The muscles of the lower limb, particularly the hamstrings and calf, are the most common site of muscle tears and strains.
A tear occurs when the load placed upon a muscle exceeds its capacity. This can happen when a person is forcefully contracting the muscle as with running/sprinting or when overstretching the muscle when slipping or doing the ‘splits’.
Muscle tears can be graded 1-3 depending on their severity. A grade 1 tear may only present with tightness being the major symptom. It is important to recognise this as further activity may see the tear increase in severity. Tears of lesser severity may also only be felt once the body has cooled down after the activity or even the following day.
Grade 2 and 3 injuries are more painful and there is always associated weakness on muscle testing. With these more serious injuries the patient will often feel a sudden, painful event akin to being ‘shot in the leg’.
It is usually possible to diagnose the grade of tear with a physical examination without the need for a scan. However, in instance where there is suspicion of more serious injury such as an avulsion fracture or Achilles tendon tear an MRI or ultrasound may be useful.
Prognosis and complications?
Most muscle tears will heal with proper treatment and adequate rest. It usually takes anywhere from 10 days to 12 weeks depending on the injury severity to make a full recovery.
The main complication seen is re-tearing. Early return to sport/activity and inadequate rehabilitation are the two main factors that lead to muscle re-tears. A muscle tear heals by filling in the injured site with scar tissue in a similar fashion to how your skin repairs itself when broken. Initially this scar tissue is weak and lacks flexibility, however over time it develops more strength and elasticity. If a person returns to activity before the scar tissue is allowed to mature it is more likely to tear again. With each re-tear the length of rehabilitation needed to return to full strength is increased.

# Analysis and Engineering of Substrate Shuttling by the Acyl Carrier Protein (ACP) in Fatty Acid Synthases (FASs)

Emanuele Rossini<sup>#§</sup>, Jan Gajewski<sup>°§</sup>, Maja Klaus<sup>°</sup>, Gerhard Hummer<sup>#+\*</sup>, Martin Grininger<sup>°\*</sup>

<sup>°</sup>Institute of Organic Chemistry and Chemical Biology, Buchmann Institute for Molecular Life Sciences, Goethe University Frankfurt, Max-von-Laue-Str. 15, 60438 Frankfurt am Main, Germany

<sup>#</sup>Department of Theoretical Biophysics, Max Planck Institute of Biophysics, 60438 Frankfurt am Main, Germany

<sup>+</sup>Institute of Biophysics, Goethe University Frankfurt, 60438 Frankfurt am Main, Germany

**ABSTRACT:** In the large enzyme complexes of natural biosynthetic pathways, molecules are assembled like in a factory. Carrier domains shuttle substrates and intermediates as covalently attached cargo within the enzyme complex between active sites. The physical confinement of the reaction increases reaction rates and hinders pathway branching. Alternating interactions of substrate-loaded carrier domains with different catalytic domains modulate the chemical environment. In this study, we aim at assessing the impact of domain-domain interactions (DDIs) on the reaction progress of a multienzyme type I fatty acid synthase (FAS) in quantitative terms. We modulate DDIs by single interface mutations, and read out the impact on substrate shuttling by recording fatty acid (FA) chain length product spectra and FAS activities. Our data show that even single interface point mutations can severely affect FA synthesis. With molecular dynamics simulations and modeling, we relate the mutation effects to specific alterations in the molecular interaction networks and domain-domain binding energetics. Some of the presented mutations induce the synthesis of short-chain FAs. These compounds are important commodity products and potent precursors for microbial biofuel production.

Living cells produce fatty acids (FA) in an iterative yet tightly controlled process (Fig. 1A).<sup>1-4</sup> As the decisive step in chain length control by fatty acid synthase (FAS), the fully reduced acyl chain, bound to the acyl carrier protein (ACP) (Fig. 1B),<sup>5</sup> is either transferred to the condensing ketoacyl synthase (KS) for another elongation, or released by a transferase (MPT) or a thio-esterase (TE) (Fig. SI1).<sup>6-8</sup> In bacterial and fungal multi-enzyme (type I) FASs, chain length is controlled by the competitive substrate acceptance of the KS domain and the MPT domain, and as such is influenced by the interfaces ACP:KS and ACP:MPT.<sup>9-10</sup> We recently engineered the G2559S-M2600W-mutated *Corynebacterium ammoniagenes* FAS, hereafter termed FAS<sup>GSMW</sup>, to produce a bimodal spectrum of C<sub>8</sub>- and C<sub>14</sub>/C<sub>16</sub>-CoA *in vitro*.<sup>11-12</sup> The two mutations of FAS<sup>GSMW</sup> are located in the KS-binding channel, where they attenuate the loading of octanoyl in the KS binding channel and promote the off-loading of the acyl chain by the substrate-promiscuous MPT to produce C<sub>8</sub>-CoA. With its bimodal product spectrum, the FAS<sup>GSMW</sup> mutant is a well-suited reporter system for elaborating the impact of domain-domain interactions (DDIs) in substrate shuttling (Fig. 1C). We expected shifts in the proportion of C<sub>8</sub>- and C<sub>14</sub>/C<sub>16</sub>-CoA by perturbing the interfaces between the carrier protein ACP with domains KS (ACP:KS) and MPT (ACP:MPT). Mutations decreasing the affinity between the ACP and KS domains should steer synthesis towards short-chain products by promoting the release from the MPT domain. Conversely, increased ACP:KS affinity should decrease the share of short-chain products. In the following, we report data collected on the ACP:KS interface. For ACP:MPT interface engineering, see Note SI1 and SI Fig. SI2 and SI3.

Pain is not the only symptom to consider when contemplating a return to sport or activity. Pain can settle relatively quickly after a muscle tear and too frequently we see athletes return to play once they are pain free. At this stage, however, the scar tissue is often still immature and the risk of re-injury is quite high. We like to see a patient return to sport once full flexibility and strength is restored and they have passed a few tests which challenge the muscle integrity. This might include jogging, jumping or hopping.
Physiotherapy is recommended in the acute stages to decrease pain and swelling. Electrotherapy modalities like interferential therapy can have some benefit in the early stages. For more serious injuries crutches or other assistive devices may be needed to rest the area. As the injury settles both massage and therapeutic exercises help to promote scar tissue that is strong and elastic. Without a proper rehab a poorer quality of scar tissue prone to reinjury may develop.
Tendinopathy, also referred to as tendonitis or tendinosis, is an overuse injury characterised by pain, impaired function and sometimes swelling in the tendons. Tendon is a flexible cord of fibrous collagen tissue that connects muscles to bones. Whilst these structures can tear, the most common form of injury is from overuse.